• #Iron supplementation administered to those with a sub-optimum iron status but who were not anaemic did not seem to improve physical performance(2).
  • #Although a significantly proportion of athletes have been shown to use iron supplements, a large proportion of the ingested iron typically remains in the gut, necessitating higher intakes, potentially resulting in adverse side effects and a limited ability to efficiently replete iron stores(10,11).
  • #High-dose iron can irritate the intestine, resulting in gastrointestinal discomfort. Add on a heavy training load – which can also be stressful for the intestinal tract(12) – and you have a potentially unpleasant combination.
  • #Some data indicates that non-absorbed iron could be harmful by adversely modifying the gut microbiota, and increasing the concentration of intestinal pathogens(13).

Probiotics: making better use of iron?

Iron is a key nutrient for performance, but taking high-dose supplements comes with potential drawbacks, and may not even help improve iron status. What would be preferable is a way of increasing the absorption of ingested iron, therefore obviating the need for high-dose supplements. Fascinating new research suggests that one possible way of doing this could be to improve gut flora with a probiotic(14). In this study, 53 healthy female athletes were randomised into two groups:

  • *The iron-only group took 20mgs per day of iron as ferrous fumerate for 12 weeks.
  • *The iron + probiotic group two took the same amount of ferrous fumerate but also took a daily probiotic supplement of Lactobacillus plantarum 299v (Lp299v) for 12 weeks.

Importantly, none of these athletes were anaemic – ie had a gross iron deficiency as measured by haemoglobin. However, they were all classed as having ‘sub-optimum’ iron status, with low levels of an iron storage protein called ferritin (below 30g per litre). This is the kind of mild iron deficiency that is known to impair physical performance, but which would often be considered ‘within the normal range’ by a doctor/physician conducting a blood test. This is also the kind of deficiency that is less responsive to iron supplementation compared to an overt deficiency (ie low haemoglobin)(2).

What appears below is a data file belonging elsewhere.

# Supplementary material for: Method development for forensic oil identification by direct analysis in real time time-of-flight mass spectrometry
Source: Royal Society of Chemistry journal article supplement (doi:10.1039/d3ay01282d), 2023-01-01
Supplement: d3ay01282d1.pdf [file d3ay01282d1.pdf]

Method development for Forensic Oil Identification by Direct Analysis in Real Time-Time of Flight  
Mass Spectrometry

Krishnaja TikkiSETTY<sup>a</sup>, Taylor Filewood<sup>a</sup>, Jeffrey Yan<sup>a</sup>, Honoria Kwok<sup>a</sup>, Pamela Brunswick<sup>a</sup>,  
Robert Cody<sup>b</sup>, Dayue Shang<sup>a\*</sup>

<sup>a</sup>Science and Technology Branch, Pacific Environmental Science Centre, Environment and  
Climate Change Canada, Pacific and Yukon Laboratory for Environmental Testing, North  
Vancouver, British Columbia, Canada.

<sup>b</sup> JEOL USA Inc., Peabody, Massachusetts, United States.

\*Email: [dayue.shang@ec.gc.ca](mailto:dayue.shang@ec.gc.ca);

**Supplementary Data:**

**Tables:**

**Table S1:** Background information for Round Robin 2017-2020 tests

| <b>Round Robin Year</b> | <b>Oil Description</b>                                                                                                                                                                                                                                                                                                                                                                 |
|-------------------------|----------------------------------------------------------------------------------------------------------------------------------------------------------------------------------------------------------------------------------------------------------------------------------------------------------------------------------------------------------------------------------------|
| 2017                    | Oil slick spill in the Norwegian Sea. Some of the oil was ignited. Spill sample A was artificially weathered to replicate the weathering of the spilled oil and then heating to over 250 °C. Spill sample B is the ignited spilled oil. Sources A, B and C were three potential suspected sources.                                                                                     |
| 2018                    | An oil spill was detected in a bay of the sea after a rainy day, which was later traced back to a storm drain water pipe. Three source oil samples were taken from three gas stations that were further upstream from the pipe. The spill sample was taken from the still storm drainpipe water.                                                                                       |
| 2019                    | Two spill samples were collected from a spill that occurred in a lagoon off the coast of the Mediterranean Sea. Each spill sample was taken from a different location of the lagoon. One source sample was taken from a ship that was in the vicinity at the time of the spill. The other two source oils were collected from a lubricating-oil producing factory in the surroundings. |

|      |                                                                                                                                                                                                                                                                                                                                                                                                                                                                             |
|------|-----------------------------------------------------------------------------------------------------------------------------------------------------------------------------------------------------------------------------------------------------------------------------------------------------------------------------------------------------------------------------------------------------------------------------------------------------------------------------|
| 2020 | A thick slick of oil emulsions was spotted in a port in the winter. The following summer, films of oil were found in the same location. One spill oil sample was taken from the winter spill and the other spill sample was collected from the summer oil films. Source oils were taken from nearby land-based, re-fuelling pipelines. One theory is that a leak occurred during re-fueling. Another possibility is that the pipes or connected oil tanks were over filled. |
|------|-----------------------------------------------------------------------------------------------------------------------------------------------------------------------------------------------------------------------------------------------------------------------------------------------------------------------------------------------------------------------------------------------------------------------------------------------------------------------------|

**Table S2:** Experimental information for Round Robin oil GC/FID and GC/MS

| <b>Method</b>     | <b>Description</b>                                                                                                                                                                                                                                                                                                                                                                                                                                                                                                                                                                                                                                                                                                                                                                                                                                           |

To create a meaningful comparison, all the subjects were instructed not to consume any probiotic products, additional iron supplements, vitamin C supplements (which can affect iron absorption) during the study. Subjects were also asked to avoid any other changes in their intake of dietary supplements and to avoid major changes in dietary habits. Additionally, the subjects could not donate or receive blood during the study (which would have altered iron levels).

The results

The key findings were as follows:

  • *Both groups improved their iron status after 12 weeks.
  • *The Lp299v group improved their iron status slightly more than the iron-only group (a 70% increase in plasma ferritin after intake of Lp299v with 20mg of iron as compared to 42% after 20mg iron alone), but the difference was too small to be considered significant.
  • *By contrast, the subjects in the Lp299v group who started off with a baseline level of ferritin mildly below normal (between 20-30g per litre), experienced a much more rapid improvement in iron status than those in the iron-only group with the same status (see figure 1).
  • *The Lp299v group reported higher levels of energy and ‘vigour’ after 12 weeks, whereas those in the iron-only group experienced no improvements.

Figure 1: Improvement in iron status in deficient vs. mildly deficient athletes(14)

Change from baseline in plasma (blood) ferritin after four weeks of intervention in subjects with a deficient ferritin level (below 20mg/L – A) and mildly deficient ferritin level (between 20 and 30mg/L – B). The ‘p’ value of 0.036 indicates a highly significant difference in improvement for the mildly deficient subjects, whereas there were no real differences for the deficient subjects.


The key finding from this study was that the probiotic Lactobacillus plantarum was able to raise iron status more rapidly in iron-supplementing athletes than in athletes who took iron alone. This effect was particularly noticeable in athletes who were mildly iron deficient; these athletes experienced a rapid improvement in just four weeks – an ideal scenario for an athlete who discovers that he/she is sub-optimum in iron and wants to put things right rapidly. This finding is consistent with other studies that have found a link between Lactobacillus plantarum supplementation and improved iron status(15,16).